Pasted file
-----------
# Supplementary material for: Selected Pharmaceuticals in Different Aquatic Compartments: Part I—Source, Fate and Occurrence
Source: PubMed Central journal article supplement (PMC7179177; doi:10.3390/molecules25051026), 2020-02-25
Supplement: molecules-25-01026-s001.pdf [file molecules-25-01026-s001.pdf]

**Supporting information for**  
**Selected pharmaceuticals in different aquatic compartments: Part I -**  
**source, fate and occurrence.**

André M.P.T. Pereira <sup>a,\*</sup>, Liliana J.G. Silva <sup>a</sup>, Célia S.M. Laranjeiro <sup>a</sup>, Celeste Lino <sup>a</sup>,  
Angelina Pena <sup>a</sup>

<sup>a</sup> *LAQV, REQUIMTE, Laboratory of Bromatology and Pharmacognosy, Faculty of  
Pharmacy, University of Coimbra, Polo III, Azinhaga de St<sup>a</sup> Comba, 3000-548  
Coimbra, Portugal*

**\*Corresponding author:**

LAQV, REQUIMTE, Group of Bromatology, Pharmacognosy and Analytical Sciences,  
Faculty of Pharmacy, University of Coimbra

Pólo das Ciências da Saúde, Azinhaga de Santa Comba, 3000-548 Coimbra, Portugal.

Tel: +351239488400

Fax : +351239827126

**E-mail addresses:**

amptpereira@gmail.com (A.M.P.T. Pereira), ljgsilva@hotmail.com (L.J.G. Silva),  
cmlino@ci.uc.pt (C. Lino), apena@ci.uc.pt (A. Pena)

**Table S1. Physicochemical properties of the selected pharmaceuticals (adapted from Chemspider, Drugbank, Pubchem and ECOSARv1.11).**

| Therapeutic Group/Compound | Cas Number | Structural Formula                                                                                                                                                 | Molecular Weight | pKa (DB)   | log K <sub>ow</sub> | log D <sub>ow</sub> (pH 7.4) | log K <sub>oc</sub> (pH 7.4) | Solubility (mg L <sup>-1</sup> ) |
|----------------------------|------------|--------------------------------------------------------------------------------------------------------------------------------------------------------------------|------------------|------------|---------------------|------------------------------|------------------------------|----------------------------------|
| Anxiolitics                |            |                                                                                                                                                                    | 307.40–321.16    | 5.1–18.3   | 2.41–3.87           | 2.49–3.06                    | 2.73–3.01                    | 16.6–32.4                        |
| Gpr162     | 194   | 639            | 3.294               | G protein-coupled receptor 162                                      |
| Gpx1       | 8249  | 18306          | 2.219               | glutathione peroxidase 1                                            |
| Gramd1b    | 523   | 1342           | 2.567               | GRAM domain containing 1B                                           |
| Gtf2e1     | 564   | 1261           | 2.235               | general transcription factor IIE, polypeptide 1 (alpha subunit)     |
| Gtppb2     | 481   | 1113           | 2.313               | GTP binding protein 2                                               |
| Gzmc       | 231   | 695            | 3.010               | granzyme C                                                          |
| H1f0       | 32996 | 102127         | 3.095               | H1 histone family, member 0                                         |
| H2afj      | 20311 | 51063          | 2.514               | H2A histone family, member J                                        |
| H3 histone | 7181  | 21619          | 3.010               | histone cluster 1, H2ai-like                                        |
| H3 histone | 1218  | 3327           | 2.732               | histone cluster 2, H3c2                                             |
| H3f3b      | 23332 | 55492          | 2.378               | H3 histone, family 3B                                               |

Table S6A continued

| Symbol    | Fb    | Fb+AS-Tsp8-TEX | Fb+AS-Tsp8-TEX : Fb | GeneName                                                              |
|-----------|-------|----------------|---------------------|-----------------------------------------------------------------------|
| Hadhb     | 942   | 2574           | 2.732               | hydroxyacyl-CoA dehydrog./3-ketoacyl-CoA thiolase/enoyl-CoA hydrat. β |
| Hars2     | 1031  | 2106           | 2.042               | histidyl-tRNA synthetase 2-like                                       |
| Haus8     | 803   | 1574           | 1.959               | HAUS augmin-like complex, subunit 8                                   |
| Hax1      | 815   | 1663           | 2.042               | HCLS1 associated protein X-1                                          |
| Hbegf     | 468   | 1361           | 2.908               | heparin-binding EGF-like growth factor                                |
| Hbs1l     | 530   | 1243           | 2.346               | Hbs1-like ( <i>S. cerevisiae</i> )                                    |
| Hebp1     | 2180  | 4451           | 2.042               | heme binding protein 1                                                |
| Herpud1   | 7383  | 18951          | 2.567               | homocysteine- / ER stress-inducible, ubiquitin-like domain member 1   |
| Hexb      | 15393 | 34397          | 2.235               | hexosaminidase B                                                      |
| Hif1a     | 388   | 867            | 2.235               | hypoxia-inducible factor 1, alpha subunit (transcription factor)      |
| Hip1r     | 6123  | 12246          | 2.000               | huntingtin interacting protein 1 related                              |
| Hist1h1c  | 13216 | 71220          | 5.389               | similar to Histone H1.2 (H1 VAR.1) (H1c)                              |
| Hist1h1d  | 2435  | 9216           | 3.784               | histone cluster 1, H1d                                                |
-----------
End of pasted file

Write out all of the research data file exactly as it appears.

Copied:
# Supplementary material for: Selected Pharmaceuticals in Different Aquatic Compartments: Part I—Source, Fate and Occurrence
Source: PubMed Central journal article supplement (PMC7179177; doi:10.3390/molecules25051026), 2020-02-25
Supplement: molecules-25-01026-s001.pdf [file molecules-25-01026-s001.pdf]

**Supporting information for**  
**Selected pharmaceuticals in different aquatic compartments: Part I -**  
**source, fate and occurrence.**

André M.P.T. Pereira <sup>a,\*</sup>, Liliana J.G. Silva <sup>a</sup>, Célia S.M. Laranjeiro <sup>a</sup>, Celeste Lino <sup>a</sup>,  
Angelina Pena <sup>a</sup>

<sup>a</sup> *LAQV, REQUIMTE, Laboratory of Bromatology and Pharmacognosy, Faculty of  
Pharmacy, University of Coimbra, Polo III, Azinhaga de St<sup>a</sup> Comba, 3000-548  
Coimbra, Portugal*

**\*Corresponding author:**

LAQV, REQUIMTE, Group of Bromatology, Pharmacognosy and Analytical Sciences,  
Faculty of Pharmacy, University of Coimbra

Pólo das Ciências da Saúde, Azinhaga de Santa Comba, 3000-548 Coimbra, Portugal.

Tel: +351239488400

Fax : +351239827126

**E-mail addresses:**

amptpereira@gmail.com (A.M.P.T. Pereira), ljgsilva@hotmail.com (L.J.G. Silva),  
cmlino@ci.uc.pt (C. Lino), apena@ci.uc.pt (A. Pena)

**Table S1. Physicochemical properties of the selected pharmaceuticals (adapted from Chemspider, Drugbank, Pubchem and ECOSARv1.11).**

| Therapeutic Group/Compound | Cas Number | Structural Formula                                                                                                                                                 | Molecular Weight | pKa (DB)   | log K <sub>ow</sub> | log D <sub>ow</sub> (pH 7.4) | log K <sub>oc</sub> (pH 7.4) | Solubility (mg L <sup>-1</sup> ) |
|----------------------------|------------|--------------------------------------------------------------------------------------------------------------------------------------------------------------------|------------------|------------|---------------------|------------------------------|------------------------------|----------------------------------|
| Anxiolitics                |            |                                                                                                                                                                    | 307.40–321.16    | 5.1–18.3   | 2.41–3.87           | 2.49–3.06                    | 2.73–3.01                    | 16.6–32.4                        |
| Gpr162     | 194   | 639            | 3.294               | G protein-coupled receptor 162                                      |
| Gpx1       | 8249  | 18306          | 2.219               | glutathione peroxidase 1                                            |
| Gramd1b    | 523   | 1342           | 2.567               | GRAM domain containing 1B                                           |
| Gtf2e1     | 564   | 1261           | 2.235               | general transcription factor IIE, polypeptide 1 (alpha subunit)     |
| Gtppb2     | 481   | 1113           | 2.313               | GTP binding protein 2                                               |
| Gzmc       | 231   | 695            | 3.010               | granzyme C                                                          |
| H1f0       | 32996 | 102127         | 3.095               | H1 histone family, member 0                                         |
| H2afj      | 20311 | 51063          | 2.514               | H2A histone family, member J                                        |
| H3 histone | 7181  | 21619          | 3.010               | histone cluster 1, H2ai-like                                        |
| H3 histone | 1218  | 3327           | 2.732               | histone cluster 2, H3c2                                             |
| H3f3b      | 23332 | 55492          | 2.378               | H3 histone, family 3B                                               |

Table S6A continued

| Symbol    | Fb    | Fb+AS-Tsp8-TEX | Fb+AS-Tsp8-TEX : Fb | GeneName                                                              |
|-----------|-------|----------------|---------------------|-----------------------------------------------------------------------|
| Hadhb     | 942   | 2574           | 2.732               | hydroxyacyl-CoA dehydrog./3-ketoacyl-CoA thiolase/enoyl-CoA hydrat. β |
| Hars2     | 1031  | 2106           | 2.042               | histidyl-tRNA synthetase 2-like                                       |
| Haus8     | 803   | 1574           | 1.959               | HAUS augmin-like complex, subunit 8                                   |
| Hax1      | 815   | 1663           | 2.042               | HCLS1 associated protein X-1                                          |
| Hbegf     | 468   | 1361           | 2.908               | heparin-binding EGF-like growth factor                                |
| Hbs1l     | 530   | 1243           | 2.346               | Hbs1-like ( <i>S. cerevisiae</i> )                                    |
| Hebp1     | 2180  | 4451           | 2.042               | heme binding protein 1                                                |
| Herpud1   | 7383  | 18951          | 2.567               | homocysteine- / ER stress-inducible, ubiquitin-like domain member 1   |
| Hexb      | 15393 | 34397          | 2.235               | hexosaminidase B                                                      |
| Hif1a     | 388   | 867            | 2.235               | hypoxia-inducible factor 1, alpha subunit (transcription factor)      |
| Hip1r     | 6123  | 12246          | 2.000               | huntingtin interacting protein 1 related                              |
| Hist1h1c  | 13216 | 71220          | 5.389               | similar to Histone H1.2 (H1 VAR.1) (H1c)                              |
| Hist1h1d  | 2435  | 9216           | 3.784               | histone cluster 1, H1d                                                |